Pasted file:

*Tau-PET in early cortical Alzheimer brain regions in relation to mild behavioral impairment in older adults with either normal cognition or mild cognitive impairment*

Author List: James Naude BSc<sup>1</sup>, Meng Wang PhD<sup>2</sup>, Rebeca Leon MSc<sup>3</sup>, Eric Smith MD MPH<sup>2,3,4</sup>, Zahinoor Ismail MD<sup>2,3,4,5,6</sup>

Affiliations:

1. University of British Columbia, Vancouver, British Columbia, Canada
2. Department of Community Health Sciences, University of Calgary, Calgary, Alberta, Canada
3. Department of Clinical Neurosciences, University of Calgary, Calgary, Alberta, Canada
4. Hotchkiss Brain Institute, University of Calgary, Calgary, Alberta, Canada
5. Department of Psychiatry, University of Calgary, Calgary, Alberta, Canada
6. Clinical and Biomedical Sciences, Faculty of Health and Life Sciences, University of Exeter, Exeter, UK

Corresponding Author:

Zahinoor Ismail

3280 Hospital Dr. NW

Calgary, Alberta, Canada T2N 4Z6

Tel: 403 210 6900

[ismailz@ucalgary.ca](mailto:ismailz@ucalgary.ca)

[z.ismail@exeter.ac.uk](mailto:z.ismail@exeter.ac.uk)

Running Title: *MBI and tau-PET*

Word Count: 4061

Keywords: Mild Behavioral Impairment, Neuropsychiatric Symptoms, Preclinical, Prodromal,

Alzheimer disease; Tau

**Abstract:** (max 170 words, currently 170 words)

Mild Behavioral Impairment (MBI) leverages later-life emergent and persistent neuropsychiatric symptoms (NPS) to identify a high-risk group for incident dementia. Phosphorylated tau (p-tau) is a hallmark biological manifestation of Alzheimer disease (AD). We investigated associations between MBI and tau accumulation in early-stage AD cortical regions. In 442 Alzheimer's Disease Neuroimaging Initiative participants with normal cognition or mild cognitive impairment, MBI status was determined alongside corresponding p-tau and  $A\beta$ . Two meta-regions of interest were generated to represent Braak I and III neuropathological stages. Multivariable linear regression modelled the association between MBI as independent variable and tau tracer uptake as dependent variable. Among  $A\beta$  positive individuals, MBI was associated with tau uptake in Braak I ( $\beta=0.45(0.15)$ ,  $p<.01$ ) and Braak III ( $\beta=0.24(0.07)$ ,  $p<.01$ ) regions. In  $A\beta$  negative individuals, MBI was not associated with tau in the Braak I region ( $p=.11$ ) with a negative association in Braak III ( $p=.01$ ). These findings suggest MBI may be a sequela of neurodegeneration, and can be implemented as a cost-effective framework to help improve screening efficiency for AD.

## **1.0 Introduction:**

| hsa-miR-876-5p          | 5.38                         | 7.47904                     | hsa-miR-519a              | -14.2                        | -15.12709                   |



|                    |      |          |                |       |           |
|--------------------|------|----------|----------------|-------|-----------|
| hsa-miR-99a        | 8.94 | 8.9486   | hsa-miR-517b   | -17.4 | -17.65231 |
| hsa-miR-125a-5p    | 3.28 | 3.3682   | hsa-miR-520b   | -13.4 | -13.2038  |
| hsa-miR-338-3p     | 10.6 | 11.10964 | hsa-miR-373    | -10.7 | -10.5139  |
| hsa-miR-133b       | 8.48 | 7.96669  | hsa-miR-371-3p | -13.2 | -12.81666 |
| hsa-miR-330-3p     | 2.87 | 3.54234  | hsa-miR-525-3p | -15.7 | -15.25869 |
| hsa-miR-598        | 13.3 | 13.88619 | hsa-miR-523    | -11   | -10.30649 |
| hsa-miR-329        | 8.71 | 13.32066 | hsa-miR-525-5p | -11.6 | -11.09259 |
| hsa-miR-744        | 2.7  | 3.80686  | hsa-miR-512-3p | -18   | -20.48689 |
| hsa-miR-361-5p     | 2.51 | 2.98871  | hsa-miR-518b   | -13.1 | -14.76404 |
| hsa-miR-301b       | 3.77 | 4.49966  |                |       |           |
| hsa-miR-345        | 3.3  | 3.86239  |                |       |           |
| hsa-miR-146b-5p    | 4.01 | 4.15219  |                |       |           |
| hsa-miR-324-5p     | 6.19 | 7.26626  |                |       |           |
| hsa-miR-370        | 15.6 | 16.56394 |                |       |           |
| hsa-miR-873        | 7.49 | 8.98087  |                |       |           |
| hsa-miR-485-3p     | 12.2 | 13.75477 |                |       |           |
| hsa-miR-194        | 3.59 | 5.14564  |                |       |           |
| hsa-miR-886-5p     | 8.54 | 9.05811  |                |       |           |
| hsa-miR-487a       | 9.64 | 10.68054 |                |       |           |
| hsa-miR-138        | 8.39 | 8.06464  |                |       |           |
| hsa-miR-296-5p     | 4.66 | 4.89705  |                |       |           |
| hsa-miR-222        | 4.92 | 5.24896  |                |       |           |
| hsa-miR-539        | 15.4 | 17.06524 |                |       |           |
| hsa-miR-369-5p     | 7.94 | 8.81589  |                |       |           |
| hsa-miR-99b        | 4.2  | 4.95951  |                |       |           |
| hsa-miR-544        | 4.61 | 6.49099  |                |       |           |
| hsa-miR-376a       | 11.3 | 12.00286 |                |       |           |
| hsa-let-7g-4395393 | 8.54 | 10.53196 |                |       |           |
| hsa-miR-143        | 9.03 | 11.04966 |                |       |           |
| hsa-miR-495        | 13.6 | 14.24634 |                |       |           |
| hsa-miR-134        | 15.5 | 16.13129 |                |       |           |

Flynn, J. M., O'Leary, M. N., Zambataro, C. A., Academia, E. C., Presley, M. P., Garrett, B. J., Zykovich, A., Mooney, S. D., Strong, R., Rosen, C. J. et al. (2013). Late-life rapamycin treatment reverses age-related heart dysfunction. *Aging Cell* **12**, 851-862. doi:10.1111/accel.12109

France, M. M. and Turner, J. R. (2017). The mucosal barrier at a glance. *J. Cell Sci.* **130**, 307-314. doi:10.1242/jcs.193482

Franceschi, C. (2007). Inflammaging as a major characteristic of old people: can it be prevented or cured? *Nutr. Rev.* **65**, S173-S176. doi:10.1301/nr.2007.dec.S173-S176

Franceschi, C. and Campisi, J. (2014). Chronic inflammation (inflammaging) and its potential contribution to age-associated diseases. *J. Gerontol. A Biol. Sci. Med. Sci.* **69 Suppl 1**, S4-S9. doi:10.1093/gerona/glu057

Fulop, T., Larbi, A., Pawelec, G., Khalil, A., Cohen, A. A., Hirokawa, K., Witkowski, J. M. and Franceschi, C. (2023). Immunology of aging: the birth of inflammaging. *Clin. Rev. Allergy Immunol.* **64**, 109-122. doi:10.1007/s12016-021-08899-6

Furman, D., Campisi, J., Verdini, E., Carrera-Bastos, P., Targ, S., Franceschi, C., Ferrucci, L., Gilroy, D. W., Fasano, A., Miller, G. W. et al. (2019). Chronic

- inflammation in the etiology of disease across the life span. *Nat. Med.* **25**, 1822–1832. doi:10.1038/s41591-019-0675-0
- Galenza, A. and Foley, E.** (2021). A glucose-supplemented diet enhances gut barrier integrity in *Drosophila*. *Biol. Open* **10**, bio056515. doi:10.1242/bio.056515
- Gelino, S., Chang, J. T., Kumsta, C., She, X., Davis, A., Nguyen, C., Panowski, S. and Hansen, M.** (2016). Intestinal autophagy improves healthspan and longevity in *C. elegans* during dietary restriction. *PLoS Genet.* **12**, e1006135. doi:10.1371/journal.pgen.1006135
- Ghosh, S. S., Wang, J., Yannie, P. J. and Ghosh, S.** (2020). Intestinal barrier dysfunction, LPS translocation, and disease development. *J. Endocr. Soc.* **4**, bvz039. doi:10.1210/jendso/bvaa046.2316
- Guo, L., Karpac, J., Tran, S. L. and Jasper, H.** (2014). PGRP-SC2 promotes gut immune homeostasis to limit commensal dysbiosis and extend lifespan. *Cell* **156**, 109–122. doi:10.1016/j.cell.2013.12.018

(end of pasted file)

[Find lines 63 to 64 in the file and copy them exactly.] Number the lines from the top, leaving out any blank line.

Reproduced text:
Furman, D., Campisi, J., Verdini, E., Carrera-Bastos, P., Targ, S., Franceschi, C., Ferrucci, L., Gilroy, D. W., Fasano, A., Miller, G. W. et al. (2019). Chronic

- inflammation in the etiology of disease across the life span. *Nat. Med.* **25**, 1822–1832. doi:10.1038/s41591-019-0675-0